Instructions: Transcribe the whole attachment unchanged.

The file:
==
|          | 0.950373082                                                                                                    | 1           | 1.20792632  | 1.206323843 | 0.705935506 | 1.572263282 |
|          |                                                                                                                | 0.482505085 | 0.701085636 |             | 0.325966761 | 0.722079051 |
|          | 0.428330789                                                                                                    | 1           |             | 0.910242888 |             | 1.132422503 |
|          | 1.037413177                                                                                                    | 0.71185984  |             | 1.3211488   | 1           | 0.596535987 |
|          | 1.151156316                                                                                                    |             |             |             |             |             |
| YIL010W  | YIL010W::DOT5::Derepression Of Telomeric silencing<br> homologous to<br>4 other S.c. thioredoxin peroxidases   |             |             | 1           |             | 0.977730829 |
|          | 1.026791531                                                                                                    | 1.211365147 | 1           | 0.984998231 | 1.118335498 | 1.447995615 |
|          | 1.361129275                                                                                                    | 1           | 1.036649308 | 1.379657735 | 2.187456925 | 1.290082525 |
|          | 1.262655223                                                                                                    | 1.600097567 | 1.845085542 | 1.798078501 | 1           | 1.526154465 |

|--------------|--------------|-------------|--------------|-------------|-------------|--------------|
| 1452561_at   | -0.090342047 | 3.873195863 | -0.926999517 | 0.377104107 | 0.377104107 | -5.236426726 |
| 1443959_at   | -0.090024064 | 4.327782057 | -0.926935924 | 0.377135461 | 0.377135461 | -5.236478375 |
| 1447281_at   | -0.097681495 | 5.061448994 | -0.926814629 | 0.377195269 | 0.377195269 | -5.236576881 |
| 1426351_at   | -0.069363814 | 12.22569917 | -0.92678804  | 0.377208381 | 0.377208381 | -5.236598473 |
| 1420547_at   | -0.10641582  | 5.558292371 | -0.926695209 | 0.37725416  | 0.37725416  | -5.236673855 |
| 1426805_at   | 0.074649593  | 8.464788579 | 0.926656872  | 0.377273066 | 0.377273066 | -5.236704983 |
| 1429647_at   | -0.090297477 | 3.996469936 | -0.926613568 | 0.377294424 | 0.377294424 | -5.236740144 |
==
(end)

|          | 0.950373082                                                                                                    | 1           | 1.20792632  | 1.206323843 | 0.705935506 | 1.572263282 |
|          |                                                                                                                | 0.482505085 | 0.701085636 |             | 0.325966761 | 0.722079051 |
|          | 0.428330789                                                                                                    | 1           |             | 0.910242888 |             | 1.132422503 |
|          | 1.037413177                                                                                                    | 0.71185984  |             | 1.3211488   | 1           | 0.596535987 |
|          | 1.151156316                                                                                                    |             |             |             |             |             |
| YIL010W  | YIL010W::DOT5::Derepression Of Telomeric silencing<br> homologous to<br>4 other S.c. thioredoxin peroxidases   |             |             | 1           |             | 0.977730829 |
|          | 1.026791531                                                                                                    | 1.211365147 | 1           | 0.984998231 | 1.118335498 | 1.447995615 |
|          | 1.361129275                                                                                                    | 1           | 1.036649308 | 1.379657735 | 2.187456925 | 1.290082525 |
|          | 1.262655223                                                                                                    | 1.600097567 | 1.845085542 | 1.798078501 | 1           | 1.526154465 |

|--------------|--------------|-------------|--------------|-------------|-------------|--------------|
| 1452561_at   | -0.090342047 | 3.873195863 | -0.926999517 | 0.377104107 | 0.377104107 | -5.236426726 |
| 1443959_at   | -0.090024064 | 4.327782057 | -0.926935924 | 0.377135461 | 0.377135461 | -5.236478375 |
| 1447281_at   | -0.097681495 | 5.061448994 | -0.926814629 | 0.377195269 | 0.377195269 | -5.236576881 |
| 1426351_at   | -0.069363814 | 12.22569917 | -0.92678804  | 0.377208381 | 0.377208381 | -5.236598473 |
| 1420547_at   | -0.10641582  | 5.558292371 | -0.926695209 | 0.37725416  | 0.37725416  | -5.236673855 |
| 1426805_at   | 0.074649593  | 8.464788579 | 0.926656872  | 0.377273066 | 0.377273066 | -5.236704983 |
| 1429647_at   | -0.090297477 | 3.996469936 | -0.926613568 | 0.377294424 | 0.377294424 | -5.236740144 |